Tuesday, June 13, 2017

GCSE Media Studies PPE preparation: TV Drama

Your PPE Media Studies exam is on Tuesday 27 June at 8.30am in the Lecture Theatre.

The preliminary material that gives you the brief you need to follow in the exam is available here. You will also be given a printed copy in class.

You MUST complete the following research and planning tasks before the exam on Tuesday 27 June.



Research 

Waterloo Road

1) Watch the whole of Waterloo Road - Season 1, Episode 1:




2) Read this Waterloo Road Wikipedia entry and write down the number of seasons and episodes broadcast and the channels they have appeared on. 

3) How does Waterloo Road meet the key conventions of TV Drama?

4) Write down three storylines (or narratives) from Waterloo Road - note which season the storyline appeared in. They can be from the first episode above or from another season if you wish.

5) Why might audiences have enjoyed Waterloo Road?


Doctor Who

1) Watch these extracts from the classic Doctor Who episode 'Blink':






2) Read the opening of this Wikipedia entry for Doctor Who and make notes on why the show is so popular.

3) Now read this Wikipedia entry for the episode above - 'Blink'. Why is 'Blink' considered to be one of the best Doctor Who episodes ever?

3) List the key conventions of TV Drama that you can find in Doctor Who.

4) Write down three storylines (or narratives) from Doctor Who - note which season the storyline appeared in. They can be from the earlier episodes (such as 'Blink' above) or from the most recent series if you wish.


5) What audience pleasures are provided by Doctor Who?


Planning

1) Brainstorm ideas for a new TV Drama for a 15-24 audience demographic. Plan out the following:
  1. Title
  2. Tagline - how will you sell the drama to an audience?
  3. Setting(s)
  4. Main characters and why audiences will like/dislike them
  5. At least three of the narratives or storylines - at least one should cover the series arc (a narrative that continues across the whole series).
  6. Potential TV channels and timings to broadcast your new TV drama
  7. Your TV drama's USP - unique selling point
  8. Your show's detailed target audience (demographics and similar shows they might watch). Remember: the age group specified by the preliminary brief is 15-24.
  9. Three reasons your TV drama will appeal to that target audience 

2) Storyboard a trailer (length: 30 seconds) for your new TV Drama. Use this AQA storyboard sheet if you don't pick up a paper copy in class.

3) Come up with a variety of ways to promote your new TV Drama to your target audience. Plan out the following:
  • Official website for the TV drama that allows audiences to meet the characters and find out more about the storylines
  • Ideas to feature your drama on social media e.g. hashtag, video content etc.
  • Any other creative or unusual ways to promote your new TV drama to the audience
4) Write a three-paragraph answer for why your new TV drama will be successful in the incredibly competitive marketplace of modern television.

All tasks MUST be completed before Tuesday 27 June. Complete them on your GCSE Media blog.

Wednesday, June 7, 2017

TV Drama: Key conventions and NCIS

The most important aspect of Media Language that you need to learn is the key conventions of TV Drama.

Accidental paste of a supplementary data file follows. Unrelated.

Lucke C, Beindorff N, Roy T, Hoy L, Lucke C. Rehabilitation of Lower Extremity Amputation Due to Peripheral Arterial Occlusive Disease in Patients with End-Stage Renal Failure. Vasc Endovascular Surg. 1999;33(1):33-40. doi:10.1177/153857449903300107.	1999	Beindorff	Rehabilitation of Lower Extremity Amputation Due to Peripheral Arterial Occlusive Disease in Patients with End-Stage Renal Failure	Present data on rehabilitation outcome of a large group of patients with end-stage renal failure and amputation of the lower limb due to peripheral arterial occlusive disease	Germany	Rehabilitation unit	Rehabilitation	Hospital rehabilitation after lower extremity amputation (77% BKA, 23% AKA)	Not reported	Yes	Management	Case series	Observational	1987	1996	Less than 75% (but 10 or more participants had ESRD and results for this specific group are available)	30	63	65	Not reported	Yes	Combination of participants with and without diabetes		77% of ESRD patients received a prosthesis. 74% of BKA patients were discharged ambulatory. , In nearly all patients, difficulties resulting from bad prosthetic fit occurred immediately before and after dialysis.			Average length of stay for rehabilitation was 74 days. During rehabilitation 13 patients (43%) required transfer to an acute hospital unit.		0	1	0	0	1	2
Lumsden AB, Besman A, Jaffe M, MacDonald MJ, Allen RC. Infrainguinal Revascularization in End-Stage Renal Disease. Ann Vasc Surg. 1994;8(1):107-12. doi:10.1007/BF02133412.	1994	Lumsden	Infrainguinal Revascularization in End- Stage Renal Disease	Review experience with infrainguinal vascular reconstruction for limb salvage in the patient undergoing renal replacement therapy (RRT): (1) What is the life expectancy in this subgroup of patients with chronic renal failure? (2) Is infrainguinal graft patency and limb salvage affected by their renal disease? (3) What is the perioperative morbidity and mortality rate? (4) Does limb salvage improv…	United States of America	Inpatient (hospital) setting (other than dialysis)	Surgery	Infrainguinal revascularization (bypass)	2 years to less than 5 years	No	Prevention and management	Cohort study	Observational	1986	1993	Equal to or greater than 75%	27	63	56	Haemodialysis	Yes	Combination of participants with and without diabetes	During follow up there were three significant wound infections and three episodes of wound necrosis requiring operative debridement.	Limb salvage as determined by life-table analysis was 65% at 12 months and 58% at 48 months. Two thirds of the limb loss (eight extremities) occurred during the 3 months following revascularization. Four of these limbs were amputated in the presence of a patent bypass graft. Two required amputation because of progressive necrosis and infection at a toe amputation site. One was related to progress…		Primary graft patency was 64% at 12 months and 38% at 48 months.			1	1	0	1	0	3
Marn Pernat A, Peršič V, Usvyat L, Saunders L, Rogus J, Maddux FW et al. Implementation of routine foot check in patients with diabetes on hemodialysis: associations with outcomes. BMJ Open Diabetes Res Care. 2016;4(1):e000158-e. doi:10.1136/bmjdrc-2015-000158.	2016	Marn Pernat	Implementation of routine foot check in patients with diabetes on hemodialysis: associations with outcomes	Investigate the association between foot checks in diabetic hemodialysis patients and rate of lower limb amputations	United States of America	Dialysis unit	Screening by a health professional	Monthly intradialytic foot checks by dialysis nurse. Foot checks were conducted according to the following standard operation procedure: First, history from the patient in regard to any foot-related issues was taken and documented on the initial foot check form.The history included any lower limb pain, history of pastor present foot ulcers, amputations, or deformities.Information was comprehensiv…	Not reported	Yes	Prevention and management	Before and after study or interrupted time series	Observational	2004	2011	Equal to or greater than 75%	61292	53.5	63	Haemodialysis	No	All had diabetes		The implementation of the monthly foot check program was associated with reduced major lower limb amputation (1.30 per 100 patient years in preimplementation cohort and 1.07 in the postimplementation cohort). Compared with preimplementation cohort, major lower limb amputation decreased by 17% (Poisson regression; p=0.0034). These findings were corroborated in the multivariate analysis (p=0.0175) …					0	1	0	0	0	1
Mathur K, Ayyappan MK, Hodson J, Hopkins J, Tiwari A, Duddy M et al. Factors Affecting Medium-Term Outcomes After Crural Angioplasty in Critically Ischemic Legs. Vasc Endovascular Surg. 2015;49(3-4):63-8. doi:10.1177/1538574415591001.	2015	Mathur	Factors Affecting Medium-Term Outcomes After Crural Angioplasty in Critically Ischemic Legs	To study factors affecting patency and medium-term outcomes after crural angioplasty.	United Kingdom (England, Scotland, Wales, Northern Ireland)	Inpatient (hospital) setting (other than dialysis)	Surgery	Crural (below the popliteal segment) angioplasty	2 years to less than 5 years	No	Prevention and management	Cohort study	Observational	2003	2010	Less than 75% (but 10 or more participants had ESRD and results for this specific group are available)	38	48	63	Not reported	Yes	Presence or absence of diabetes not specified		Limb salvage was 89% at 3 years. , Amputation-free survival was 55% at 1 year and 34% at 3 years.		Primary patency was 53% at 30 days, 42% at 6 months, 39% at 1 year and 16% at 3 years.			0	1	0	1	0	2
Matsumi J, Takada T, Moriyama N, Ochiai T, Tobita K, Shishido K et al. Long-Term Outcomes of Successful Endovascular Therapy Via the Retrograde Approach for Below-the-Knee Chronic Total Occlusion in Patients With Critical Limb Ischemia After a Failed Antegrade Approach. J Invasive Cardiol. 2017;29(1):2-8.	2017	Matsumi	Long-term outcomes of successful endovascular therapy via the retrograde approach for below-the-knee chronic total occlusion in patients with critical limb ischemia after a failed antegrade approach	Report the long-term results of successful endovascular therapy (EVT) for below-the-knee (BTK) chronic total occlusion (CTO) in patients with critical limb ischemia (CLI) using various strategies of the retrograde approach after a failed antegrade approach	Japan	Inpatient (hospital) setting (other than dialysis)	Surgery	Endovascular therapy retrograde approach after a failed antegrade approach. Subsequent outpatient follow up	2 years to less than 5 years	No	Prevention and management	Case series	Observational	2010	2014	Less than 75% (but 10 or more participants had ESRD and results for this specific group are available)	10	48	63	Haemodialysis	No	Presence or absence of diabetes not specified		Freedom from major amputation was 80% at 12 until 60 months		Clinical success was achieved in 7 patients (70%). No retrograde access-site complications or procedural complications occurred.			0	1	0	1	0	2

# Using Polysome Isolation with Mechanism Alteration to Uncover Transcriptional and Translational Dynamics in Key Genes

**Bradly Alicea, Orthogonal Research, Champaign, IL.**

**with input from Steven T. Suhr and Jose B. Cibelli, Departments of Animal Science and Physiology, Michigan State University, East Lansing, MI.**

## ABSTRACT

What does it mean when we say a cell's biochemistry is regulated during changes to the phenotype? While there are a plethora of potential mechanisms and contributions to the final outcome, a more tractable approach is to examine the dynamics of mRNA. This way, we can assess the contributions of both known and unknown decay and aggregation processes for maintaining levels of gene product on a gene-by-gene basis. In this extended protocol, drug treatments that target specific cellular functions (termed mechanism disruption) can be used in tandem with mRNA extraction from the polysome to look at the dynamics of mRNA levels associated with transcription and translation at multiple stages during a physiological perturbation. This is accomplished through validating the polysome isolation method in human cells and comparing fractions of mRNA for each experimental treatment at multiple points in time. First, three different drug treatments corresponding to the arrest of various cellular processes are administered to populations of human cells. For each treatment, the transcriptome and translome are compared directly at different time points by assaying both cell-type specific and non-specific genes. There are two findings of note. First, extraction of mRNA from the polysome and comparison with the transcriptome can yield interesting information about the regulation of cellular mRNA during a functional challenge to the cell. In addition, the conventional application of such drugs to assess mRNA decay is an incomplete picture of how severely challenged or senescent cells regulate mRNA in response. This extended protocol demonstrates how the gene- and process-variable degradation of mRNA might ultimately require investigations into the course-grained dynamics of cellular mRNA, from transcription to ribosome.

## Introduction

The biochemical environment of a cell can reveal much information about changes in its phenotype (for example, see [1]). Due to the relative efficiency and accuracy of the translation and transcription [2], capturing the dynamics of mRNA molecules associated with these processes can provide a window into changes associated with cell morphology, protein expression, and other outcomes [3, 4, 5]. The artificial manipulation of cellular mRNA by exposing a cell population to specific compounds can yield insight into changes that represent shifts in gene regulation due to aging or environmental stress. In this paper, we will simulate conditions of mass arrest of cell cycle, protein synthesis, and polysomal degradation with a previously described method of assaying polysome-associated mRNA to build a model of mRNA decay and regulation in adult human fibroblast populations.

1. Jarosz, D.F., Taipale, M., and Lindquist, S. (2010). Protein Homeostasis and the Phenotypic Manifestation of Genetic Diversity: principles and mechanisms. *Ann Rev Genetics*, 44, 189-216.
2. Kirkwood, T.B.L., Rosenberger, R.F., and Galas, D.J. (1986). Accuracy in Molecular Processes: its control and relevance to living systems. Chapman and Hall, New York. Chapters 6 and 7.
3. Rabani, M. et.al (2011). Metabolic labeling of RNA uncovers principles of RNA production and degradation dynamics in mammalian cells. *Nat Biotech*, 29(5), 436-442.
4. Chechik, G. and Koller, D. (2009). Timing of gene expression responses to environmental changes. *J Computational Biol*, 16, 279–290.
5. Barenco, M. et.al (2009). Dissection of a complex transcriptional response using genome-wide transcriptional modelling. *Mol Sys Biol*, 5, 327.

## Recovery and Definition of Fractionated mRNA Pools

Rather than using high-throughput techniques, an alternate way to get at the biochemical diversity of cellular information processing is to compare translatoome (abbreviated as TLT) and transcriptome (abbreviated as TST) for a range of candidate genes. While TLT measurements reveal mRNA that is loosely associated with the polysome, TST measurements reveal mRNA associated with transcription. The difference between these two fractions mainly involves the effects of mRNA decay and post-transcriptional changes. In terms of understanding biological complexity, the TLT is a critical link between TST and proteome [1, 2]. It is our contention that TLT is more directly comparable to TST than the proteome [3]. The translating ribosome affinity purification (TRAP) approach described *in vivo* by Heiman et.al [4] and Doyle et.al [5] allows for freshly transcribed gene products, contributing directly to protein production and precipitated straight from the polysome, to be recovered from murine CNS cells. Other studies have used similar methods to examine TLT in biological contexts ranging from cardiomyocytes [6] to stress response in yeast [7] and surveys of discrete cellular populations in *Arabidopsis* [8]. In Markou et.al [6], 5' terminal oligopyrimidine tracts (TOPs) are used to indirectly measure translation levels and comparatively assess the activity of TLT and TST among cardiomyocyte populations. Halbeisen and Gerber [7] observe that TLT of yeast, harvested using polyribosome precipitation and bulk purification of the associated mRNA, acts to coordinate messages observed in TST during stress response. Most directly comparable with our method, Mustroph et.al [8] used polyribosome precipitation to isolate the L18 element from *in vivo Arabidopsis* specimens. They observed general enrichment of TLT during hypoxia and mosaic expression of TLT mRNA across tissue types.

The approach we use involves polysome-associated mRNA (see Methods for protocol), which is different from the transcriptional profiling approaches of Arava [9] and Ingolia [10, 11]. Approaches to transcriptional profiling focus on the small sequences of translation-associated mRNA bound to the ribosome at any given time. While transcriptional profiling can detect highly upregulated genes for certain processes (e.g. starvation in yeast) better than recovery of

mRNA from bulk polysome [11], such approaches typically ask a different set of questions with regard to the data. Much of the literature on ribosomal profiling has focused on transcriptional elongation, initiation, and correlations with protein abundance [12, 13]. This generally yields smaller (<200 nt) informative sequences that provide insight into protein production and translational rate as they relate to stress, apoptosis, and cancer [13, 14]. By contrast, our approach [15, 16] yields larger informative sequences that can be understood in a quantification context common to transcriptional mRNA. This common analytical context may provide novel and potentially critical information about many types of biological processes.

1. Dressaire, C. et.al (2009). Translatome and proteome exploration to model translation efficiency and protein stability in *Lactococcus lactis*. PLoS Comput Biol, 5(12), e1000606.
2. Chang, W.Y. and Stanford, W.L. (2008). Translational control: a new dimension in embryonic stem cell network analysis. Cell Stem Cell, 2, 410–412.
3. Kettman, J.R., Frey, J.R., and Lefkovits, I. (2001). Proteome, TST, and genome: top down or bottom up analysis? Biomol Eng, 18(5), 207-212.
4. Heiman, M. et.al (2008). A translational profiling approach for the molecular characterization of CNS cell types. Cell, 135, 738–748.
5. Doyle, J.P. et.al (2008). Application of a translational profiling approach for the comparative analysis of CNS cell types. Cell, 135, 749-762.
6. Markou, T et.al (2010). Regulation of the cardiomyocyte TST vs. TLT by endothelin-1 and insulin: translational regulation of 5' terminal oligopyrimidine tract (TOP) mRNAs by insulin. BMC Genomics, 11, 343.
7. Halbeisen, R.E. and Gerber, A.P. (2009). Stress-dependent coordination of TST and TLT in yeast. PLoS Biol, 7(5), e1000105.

In order to analyse existing TV dramas and create your own, it's vital you understand the components that make up a TV drama. A lot of the work we completed for Assignment 2 on film genre and conventions will help you here.

Key conventions of TV Drama

  • Multiple characters played by an ensemble cast (often each character with their own storyline)
  • Specific technical codes e.g. realistic lighting and editing for social dramas
  • Use of stereotypical characters to introduce lifestyle and motivation quickly
  • Narrative formula that is followed in every episode e.g. Casualty (3 Strand); Homeland (multi-strand narrative)
  • Common use of flashback, point of view shots, dialogue and voice over, enigma and action codes

A good way to analyse TV Drama is to use NCIS - exactly what we used for film genre in Assignment 2:

N = narrative (storyline)
C = character (people/character types)
I = iconography (what we can see)
S = setting (where it takes place)

These four aspects will provide enough evidence to identify the subgenre of TV Drama (or a hybrid of genres if the TV drama fits more than one category).

TV Drama subgenre

One of the key details TV broadcasters use to market a TV Drama is subgenre.


Remember, a film or TV genre is made up of a repertoire of elements. That repertoire could include particular iconography, lighting, sound, or actors associated with the genre. This list of features is known as a ‘repertoire’ because any given TV Drama within a subgenre may not use all of the possible elements, but it will use some.

Blog task / Homework

Your blog task today is to analyse this short clip from the BBC1 TV Drama Waterloo Road:



Answer the following questions on your blog:

Narrative: What does the clip suggest about this particular storyline for Waterloo Road? What do you expect to happen? How might the new character impact on existing storylines?

Character: What school-based stereotypes can you recognise in the clip? How does the clip introduce the new characters in the show?

Iconography: What elements of the clip help to quickly introduce the school subgenre of TV Drama?

Setting: How does the clip quickly introduce the school setting?


Example: The Night Manager (BBC1)




Narrative
The trailer for The Night Manager cleverly introduces several narrative strands. There is the main series arc introduced with the government agents trying to bring down the villain, Richard Roper. However, within this overall narrative there are clearly many other stories including romantic relationships, a boy being kidnapped, the main character going undercover with Roper and a war in a foreign country. At one point, a character actually lists some of the narrative strands: "Murder, theft..." while an American agent emphasises the threat to the main characters: "Do you have any idea how dangerous that is?" It is clear to the audience that there is an overarching good v evil storyline but plenty of other narrative strands in each individual episode. These are all classic conventions of TV Drama.